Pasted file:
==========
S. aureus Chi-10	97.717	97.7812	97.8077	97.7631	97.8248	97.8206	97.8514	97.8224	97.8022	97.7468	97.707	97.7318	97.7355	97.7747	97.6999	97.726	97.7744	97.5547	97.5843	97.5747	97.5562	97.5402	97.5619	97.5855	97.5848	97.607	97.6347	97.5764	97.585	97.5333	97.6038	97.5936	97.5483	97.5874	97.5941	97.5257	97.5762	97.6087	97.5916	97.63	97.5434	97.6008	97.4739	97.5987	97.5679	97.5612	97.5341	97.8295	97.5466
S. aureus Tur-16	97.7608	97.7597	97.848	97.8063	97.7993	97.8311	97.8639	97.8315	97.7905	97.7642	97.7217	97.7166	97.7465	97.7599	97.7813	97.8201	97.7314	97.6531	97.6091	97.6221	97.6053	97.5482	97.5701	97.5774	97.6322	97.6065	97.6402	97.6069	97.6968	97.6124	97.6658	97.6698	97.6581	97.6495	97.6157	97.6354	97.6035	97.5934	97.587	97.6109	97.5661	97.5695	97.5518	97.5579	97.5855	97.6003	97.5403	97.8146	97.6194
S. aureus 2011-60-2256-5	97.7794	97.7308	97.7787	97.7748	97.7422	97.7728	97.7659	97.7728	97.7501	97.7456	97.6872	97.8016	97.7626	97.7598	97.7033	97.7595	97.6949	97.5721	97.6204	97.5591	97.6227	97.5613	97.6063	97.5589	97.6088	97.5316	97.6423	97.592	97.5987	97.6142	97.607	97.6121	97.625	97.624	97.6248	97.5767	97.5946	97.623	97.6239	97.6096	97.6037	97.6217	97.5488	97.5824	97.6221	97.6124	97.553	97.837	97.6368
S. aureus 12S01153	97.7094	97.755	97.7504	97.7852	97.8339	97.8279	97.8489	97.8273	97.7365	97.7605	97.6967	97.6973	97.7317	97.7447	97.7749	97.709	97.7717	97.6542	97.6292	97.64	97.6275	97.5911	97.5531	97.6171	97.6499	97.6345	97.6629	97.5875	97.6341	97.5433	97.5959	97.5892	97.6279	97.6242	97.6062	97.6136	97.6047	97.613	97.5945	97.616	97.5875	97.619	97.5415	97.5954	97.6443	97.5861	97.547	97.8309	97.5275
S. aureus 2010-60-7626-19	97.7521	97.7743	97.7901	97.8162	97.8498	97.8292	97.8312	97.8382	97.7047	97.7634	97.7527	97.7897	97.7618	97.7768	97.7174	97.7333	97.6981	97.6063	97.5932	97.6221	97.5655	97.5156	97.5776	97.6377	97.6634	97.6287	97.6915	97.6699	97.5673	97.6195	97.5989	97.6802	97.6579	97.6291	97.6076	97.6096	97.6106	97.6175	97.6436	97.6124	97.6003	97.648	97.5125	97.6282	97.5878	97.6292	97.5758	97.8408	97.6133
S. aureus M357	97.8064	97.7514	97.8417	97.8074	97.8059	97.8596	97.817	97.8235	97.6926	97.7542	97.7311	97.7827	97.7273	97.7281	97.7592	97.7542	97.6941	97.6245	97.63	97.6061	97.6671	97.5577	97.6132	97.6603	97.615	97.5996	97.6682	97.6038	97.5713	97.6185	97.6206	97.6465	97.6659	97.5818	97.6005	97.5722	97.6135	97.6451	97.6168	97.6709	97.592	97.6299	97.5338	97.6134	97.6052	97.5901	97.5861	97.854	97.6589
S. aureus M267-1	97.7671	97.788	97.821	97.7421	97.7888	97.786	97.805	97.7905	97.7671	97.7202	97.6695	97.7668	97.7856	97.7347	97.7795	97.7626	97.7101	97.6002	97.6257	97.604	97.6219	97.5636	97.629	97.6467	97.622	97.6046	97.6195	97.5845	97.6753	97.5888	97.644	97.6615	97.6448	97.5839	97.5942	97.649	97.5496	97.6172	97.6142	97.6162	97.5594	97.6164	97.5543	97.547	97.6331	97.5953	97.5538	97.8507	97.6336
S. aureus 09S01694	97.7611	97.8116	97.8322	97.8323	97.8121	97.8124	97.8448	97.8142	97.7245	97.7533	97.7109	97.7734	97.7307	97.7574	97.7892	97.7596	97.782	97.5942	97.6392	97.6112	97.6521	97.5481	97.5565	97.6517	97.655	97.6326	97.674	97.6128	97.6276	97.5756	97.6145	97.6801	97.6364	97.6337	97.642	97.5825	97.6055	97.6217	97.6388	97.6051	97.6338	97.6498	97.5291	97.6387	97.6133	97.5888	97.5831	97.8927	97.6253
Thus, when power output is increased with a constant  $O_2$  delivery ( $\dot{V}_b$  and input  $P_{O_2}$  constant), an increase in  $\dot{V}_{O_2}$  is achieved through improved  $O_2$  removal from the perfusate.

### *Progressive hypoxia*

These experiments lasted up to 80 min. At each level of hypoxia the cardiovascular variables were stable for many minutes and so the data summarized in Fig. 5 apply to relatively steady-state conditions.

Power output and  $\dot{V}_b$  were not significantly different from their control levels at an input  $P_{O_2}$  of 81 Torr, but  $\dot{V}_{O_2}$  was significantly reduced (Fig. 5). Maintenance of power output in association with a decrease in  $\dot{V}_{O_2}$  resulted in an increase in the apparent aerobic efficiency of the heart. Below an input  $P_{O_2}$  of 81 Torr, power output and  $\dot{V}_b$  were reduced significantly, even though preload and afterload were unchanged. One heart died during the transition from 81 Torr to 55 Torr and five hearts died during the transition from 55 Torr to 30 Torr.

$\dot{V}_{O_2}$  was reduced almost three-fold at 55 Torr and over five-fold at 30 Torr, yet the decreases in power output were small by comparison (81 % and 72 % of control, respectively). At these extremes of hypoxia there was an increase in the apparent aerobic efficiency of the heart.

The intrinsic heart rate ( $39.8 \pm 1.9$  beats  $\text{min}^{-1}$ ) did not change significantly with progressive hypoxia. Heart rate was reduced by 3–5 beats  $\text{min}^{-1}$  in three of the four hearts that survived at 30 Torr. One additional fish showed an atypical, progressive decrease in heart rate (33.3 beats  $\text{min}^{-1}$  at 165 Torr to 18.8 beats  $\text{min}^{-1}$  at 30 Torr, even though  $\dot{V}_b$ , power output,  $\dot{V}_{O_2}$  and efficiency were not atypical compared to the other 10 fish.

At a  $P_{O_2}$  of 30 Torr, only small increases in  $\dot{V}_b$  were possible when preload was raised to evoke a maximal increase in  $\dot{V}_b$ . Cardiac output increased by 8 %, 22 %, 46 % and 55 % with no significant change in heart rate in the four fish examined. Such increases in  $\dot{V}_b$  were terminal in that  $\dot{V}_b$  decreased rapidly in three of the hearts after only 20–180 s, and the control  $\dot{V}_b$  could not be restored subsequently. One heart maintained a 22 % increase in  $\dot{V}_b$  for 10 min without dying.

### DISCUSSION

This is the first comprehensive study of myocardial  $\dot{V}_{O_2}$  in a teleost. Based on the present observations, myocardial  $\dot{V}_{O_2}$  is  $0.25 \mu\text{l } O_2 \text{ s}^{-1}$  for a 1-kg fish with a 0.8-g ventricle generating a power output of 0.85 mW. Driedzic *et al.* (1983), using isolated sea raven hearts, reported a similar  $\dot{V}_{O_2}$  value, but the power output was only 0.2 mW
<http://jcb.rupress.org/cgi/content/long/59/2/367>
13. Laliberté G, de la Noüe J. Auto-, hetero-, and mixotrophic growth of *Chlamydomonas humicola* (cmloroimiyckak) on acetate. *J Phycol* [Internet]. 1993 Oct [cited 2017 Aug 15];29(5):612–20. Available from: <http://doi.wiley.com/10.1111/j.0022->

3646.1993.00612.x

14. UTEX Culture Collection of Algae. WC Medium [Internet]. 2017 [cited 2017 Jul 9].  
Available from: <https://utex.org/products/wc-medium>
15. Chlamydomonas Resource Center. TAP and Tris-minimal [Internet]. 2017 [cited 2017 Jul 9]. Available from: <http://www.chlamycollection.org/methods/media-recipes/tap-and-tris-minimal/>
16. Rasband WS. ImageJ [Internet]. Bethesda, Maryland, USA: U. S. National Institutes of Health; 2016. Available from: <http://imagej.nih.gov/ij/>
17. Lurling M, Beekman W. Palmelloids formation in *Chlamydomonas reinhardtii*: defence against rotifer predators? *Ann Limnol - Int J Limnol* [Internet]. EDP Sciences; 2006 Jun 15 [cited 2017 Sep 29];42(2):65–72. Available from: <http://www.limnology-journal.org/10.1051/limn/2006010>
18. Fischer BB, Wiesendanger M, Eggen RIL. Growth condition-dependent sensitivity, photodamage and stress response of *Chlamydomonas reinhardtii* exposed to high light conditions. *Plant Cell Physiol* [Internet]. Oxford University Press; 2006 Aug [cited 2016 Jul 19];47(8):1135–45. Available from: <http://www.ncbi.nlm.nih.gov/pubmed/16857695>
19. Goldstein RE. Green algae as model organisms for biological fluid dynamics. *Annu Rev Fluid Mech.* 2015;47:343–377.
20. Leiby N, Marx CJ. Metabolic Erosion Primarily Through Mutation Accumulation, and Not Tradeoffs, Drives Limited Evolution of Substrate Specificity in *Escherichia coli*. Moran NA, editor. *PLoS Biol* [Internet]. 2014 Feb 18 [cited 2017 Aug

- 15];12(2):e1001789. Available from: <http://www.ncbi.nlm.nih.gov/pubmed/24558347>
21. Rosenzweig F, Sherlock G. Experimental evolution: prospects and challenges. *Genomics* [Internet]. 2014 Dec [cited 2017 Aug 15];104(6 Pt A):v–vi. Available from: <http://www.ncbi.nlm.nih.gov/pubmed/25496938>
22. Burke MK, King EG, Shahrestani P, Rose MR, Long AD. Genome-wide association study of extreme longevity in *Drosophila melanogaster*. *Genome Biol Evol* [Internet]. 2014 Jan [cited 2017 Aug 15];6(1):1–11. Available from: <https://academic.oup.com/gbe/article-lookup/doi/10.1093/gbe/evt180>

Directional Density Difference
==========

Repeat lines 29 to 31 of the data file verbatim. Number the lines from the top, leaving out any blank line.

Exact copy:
- 15];12(2):e1001789. Available from: <http://www.ncbi.nlm.nih.gov/pubmed/24558347>
21. Rosenzweig F, Sherlock G. Experimental evolution: prospects and challenges. *Genomics* [Internet]. 2014 Dec [cited 2017 Aug 15];104(6 Pt A):v–vi. Available from: <http://www.ncbi.nlm.nih.gov/pubmed/25496938>
22. Burke MK, King EG, Shahrestani P, Rose MR, Long AD. Genome-wide association study of extreme longevity in *Drosophila melanogaster*. *Genome Biol Evol* [Internet]. 2014 Jan [cited 2017 Aug 15];6(1):1–11. Available from: <https://academic.oup.com/gbe/article-lookup/doi/10.1093/gbe/evt180>